Minute on Voluntary Carbon Tax
Peace and Social Concerns Committee statement regarding the voluntary carbon tax and the goals of peace, racial justice, and economic justice:
Quakers have taken the lead in saying that the US and other nations need a mandatory carbon tax, something to encourage people to buy less fossil carbon for plastic, heating, electricity, and travel. The money collected could build up funds to help developing nations and the poor here contend with the effects of climate change. However, the US government has not passed a carbon tax. As an alternative witness, Quaker organizations and meetings (along with some other groups and individuals) are setting aside a Voluntary Carbon Tax–sometimes as an arbitrary amount and sometimes as a set percentage of their carbon use–to be spent to support both (1) reduction in the carbon use by the communities themselves (by installing better insulation, for example, or by lobbying for reduced carbon use in the US) and (2) relief for those already being harmed by climate change (such as in provision of desalination equipment or solar panels to developing nations or health clinics in affected local neighborhoods).
Climate change is being caused by the affluent life-styles of people like us, and thus far has affected primarily people of color and people without economic resources, who have the hardest stress when they must adapt to a changed climate. They cannot move the way many of us travel simply to avoid a hot summer or a cold winter. The rich get insurance against floods, hurricanes, storm damage; the poor make-do as they are able. When the climate itself changes, they often are not able.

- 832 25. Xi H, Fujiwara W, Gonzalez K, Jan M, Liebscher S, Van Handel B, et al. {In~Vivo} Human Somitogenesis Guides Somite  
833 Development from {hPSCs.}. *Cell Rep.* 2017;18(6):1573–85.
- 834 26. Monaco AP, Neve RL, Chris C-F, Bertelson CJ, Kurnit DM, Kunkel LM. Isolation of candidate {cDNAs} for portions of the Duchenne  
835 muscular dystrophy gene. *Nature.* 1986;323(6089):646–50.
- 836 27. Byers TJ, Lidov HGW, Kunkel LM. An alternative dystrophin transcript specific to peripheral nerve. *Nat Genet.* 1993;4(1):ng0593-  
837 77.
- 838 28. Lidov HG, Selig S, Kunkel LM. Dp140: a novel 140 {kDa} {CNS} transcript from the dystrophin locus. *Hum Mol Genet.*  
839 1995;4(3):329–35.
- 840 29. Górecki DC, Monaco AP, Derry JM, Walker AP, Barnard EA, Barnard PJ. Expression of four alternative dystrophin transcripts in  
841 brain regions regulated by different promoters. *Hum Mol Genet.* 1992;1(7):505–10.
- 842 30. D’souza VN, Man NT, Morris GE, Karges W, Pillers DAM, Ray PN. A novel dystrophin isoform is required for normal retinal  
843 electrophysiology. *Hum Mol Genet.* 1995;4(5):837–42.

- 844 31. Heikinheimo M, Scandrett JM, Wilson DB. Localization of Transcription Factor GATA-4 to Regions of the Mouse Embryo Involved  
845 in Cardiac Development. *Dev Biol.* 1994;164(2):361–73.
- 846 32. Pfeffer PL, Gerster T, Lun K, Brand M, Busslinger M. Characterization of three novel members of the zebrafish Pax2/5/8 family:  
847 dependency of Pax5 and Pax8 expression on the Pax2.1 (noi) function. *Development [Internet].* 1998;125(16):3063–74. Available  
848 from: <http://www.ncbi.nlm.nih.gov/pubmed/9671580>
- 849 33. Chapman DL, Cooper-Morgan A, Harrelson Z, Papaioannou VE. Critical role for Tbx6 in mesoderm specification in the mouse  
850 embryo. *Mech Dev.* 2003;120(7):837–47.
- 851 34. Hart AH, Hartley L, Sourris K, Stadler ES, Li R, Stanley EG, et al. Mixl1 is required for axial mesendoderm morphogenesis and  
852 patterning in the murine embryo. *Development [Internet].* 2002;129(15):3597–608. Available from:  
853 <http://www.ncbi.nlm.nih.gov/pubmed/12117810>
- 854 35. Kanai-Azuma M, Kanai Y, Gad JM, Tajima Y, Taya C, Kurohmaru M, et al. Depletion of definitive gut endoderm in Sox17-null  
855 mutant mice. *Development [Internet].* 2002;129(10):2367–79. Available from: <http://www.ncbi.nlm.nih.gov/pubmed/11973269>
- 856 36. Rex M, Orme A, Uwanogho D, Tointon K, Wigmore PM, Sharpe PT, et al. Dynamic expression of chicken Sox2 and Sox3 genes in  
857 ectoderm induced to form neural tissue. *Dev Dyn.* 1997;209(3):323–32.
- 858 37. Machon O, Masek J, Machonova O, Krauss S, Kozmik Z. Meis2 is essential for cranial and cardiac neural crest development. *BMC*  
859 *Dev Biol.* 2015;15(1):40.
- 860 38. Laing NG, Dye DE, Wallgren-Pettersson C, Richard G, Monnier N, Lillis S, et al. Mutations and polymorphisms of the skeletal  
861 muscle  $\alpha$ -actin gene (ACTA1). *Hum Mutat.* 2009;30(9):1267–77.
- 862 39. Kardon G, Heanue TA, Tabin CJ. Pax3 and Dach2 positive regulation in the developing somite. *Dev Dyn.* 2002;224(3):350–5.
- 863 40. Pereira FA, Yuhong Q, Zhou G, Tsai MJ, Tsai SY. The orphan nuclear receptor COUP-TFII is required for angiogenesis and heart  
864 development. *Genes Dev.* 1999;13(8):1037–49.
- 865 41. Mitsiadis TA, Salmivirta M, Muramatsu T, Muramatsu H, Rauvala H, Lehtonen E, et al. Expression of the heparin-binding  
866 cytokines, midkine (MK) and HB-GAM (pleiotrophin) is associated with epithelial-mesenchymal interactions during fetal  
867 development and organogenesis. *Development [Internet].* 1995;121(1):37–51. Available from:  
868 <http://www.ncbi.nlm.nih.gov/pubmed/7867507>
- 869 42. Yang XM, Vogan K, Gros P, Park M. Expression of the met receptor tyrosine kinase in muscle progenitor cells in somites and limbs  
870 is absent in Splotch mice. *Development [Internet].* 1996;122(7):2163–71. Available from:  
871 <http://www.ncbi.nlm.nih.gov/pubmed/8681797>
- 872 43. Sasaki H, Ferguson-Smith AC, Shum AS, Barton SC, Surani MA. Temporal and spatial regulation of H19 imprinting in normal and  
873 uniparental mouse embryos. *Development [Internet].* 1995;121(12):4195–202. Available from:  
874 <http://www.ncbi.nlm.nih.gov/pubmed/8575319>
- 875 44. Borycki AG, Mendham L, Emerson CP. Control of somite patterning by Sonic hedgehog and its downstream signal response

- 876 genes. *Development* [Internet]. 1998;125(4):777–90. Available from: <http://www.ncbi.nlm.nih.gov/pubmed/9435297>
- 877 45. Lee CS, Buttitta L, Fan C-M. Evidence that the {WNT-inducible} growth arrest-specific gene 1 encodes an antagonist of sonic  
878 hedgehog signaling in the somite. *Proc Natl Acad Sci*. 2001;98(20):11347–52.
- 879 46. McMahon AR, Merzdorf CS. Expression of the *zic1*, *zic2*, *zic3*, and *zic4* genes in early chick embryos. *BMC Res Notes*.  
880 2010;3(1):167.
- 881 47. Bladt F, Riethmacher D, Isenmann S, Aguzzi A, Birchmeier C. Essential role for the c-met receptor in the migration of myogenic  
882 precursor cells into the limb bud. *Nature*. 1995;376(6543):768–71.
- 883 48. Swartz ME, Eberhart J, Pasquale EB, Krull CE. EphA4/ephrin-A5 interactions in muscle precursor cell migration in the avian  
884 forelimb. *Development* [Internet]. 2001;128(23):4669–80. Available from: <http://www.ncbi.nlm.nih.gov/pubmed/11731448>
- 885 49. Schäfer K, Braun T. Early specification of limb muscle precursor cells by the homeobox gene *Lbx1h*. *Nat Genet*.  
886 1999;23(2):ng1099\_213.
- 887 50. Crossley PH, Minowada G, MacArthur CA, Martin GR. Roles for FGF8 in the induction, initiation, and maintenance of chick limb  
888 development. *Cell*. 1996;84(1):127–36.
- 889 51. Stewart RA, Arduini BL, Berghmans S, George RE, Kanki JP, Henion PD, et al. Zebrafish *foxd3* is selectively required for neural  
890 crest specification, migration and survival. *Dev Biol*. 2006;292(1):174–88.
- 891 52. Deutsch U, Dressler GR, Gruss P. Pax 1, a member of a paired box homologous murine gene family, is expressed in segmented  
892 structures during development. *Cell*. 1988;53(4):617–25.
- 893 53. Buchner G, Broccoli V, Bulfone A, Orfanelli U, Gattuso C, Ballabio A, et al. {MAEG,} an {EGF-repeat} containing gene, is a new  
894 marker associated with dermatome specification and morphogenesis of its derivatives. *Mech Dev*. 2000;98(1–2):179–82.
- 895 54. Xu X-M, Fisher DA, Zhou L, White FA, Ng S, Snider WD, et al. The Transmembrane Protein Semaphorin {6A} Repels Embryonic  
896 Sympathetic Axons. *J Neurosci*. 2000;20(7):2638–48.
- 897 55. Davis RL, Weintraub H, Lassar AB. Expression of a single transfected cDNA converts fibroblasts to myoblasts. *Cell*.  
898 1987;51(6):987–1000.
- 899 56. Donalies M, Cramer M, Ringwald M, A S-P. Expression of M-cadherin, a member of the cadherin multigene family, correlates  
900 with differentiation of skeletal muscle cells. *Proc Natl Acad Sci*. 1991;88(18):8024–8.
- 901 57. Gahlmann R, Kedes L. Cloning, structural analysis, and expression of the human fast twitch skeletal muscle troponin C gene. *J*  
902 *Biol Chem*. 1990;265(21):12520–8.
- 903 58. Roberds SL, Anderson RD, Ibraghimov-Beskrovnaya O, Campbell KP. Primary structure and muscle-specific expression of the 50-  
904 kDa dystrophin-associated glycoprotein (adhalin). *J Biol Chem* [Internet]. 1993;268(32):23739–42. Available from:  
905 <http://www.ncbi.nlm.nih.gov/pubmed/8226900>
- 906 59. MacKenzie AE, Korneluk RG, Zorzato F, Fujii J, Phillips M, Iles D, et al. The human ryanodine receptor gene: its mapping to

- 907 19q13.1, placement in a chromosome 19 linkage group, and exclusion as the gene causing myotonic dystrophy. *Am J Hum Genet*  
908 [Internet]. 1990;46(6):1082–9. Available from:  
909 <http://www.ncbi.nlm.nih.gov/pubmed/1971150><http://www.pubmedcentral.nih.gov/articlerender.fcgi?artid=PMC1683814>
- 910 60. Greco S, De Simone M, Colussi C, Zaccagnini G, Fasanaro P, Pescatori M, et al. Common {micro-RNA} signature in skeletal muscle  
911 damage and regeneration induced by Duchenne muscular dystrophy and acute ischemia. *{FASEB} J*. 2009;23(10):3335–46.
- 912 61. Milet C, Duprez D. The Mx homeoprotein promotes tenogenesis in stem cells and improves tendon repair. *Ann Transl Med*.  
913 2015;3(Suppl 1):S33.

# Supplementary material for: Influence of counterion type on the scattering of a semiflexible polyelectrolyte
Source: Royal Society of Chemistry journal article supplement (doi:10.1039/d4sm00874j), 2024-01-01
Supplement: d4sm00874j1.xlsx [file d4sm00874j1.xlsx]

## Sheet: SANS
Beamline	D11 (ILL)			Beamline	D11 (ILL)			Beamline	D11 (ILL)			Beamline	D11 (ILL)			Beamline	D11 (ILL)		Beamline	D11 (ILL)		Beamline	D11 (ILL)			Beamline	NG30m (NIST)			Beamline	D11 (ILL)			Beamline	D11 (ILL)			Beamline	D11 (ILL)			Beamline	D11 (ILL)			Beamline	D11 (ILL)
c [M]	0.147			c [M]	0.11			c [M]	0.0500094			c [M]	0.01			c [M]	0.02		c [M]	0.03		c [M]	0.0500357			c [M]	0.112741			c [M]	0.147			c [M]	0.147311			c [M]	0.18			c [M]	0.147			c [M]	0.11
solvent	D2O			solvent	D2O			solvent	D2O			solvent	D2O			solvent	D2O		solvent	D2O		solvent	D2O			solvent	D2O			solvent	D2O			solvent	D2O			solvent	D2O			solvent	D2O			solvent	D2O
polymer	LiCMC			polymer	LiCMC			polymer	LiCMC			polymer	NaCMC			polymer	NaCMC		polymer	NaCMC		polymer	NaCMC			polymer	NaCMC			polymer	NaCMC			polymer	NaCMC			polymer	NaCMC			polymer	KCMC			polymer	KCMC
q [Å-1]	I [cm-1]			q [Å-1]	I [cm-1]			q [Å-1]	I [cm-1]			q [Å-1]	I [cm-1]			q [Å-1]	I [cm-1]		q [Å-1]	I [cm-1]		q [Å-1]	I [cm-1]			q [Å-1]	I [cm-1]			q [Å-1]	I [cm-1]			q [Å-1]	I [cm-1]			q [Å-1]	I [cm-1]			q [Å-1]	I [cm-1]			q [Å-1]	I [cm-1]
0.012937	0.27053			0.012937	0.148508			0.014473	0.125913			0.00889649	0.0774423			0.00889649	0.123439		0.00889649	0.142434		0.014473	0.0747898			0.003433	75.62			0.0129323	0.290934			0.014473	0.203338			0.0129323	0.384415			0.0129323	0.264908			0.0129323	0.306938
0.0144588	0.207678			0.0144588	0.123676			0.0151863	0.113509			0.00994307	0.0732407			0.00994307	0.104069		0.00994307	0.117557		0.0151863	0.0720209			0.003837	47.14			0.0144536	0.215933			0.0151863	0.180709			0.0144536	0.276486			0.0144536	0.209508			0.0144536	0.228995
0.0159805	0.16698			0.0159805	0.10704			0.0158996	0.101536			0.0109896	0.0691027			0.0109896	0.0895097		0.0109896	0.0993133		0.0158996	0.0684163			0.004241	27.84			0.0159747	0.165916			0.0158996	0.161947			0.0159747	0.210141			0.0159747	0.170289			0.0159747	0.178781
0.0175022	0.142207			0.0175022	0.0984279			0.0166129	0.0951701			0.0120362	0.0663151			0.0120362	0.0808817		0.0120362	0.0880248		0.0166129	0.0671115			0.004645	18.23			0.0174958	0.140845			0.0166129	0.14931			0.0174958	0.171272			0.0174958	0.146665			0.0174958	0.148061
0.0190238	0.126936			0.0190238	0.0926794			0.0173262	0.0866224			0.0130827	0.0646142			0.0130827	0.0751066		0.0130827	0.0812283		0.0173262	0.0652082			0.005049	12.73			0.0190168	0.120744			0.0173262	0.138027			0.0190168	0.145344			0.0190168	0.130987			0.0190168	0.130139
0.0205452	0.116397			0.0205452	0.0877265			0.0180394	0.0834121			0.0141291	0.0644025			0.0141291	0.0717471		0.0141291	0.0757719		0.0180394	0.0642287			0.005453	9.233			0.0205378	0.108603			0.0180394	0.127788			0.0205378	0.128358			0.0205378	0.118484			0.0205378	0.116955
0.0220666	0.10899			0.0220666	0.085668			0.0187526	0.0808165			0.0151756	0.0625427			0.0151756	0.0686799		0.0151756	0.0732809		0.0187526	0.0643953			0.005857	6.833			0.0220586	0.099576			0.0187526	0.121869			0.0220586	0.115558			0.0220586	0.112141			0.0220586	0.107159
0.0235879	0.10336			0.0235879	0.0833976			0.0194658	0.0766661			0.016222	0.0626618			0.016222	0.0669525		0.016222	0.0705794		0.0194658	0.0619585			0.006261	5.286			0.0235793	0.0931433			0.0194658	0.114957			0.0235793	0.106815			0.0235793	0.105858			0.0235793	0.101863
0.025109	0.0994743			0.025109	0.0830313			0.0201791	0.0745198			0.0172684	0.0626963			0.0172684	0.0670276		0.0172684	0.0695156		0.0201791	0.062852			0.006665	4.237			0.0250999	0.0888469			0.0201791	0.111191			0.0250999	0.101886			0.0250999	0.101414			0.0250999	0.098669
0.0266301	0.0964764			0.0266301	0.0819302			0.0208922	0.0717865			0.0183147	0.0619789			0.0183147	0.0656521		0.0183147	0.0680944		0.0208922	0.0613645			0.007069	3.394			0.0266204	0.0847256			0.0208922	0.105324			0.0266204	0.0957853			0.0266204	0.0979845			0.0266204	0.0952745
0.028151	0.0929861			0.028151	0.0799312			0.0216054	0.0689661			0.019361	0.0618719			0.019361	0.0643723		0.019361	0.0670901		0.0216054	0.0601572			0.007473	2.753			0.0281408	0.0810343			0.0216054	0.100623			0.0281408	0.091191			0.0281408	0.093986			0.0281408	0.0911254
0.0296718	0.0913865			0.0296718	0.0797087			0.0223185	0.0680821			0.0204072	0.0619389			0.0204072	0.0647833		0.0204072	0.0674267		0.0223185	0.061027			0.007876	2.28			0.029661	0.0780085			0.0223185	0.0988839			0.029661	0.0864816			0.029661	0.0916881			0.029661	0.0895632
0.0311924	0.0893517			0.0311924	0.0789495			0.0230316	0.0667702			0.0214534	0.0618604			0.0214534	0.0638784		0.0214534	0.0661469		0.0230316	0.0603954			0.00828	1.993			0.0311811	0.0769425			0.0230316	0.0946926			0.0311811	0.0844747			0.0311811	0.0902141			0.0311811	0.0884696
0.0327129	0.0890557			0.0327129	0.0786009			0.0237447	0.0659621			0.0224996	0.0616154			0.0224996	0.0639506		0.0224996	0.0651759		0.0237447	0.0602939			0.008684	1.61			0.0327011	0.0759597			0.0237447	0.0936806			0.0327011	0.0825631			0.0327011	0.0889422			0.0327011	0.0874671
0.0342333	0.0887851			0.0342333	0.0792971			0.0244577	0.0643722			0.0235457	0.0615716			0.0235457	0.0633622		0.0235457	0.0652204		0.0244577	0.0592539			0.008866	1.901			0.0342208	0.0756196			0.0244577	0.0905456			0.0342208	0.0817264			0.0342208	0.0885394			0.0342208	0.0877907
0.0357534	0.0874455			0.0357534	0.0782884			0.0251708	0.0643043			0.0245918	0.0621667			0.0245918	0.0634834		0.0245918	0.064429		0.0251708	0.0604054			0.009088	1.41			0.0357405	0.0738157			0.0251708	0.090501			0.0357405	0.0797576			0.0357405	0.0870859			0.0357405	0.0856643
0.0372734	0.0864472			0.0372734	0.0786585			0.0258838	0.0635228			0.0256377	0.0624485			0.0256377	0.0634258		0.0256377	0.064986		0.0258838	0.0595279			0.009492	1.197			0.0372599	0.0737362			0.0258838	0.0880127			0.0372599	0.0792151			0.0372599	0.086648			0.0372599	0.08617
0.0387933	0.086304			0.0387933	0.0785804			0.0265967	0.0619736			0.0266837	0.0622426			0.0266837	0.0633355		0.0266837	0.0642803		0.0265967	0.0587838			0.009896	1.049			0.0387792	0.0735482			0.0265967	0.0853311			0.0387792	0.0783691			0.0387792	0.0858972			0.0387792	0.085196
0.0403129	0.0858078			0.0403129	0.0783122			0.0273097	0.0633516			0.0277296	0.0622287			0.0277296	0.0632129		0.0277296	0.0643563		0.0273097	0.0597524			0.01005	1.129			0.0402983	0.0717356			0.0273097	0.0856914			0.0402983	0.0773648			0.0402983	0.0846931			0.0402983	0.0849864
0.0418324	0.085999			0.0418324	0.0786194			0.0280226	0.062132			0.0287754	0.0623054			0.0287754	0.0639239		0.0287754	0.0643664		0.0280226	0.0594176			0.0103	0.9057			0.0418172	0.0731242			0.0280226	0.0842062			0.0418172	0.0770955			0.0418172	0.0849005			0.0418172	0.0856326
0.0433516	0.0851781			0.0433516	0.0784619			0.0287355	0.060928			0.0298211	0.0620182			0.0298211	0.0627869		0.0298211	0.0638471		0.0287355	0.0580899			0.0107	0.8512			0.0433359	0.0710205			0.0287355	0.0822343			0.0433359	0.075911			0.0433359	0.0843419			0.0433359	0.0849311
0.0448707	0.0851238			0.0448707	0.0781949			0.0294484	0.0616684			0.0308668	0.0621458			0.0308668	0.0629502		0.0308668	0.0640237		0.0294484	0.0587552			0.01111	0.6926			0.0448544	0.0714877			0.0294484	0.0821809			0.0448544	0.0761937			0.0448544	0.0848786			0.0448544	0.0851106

Droughts caused by climate change led to the wars in Somalia, Syria, and other places. Most wars are wars over scarce resources and most of that scarcity these days has its source in environmental distress.
Sometimes we prefer to help after a crisis. For example, after a war starts we do admirable work of mediation, to resettle refugees, to foster reconciliation, to care for the wounded. However, prevention is preferable. People do not need us to help them once their lives are destroyed as much as they need us to stop causing the problem and to provide resources so that those affected can find their own ways to adapt.
“It would go a great way to caution and direct people in the use of the world, that they were better studied and known in the Creation of it. For how could Man find the Confidence to abuse it, while they should see the Great Creator stare them in the face, in all and every part thereof?” — William Penn, Some Fruits of Solitude, 1692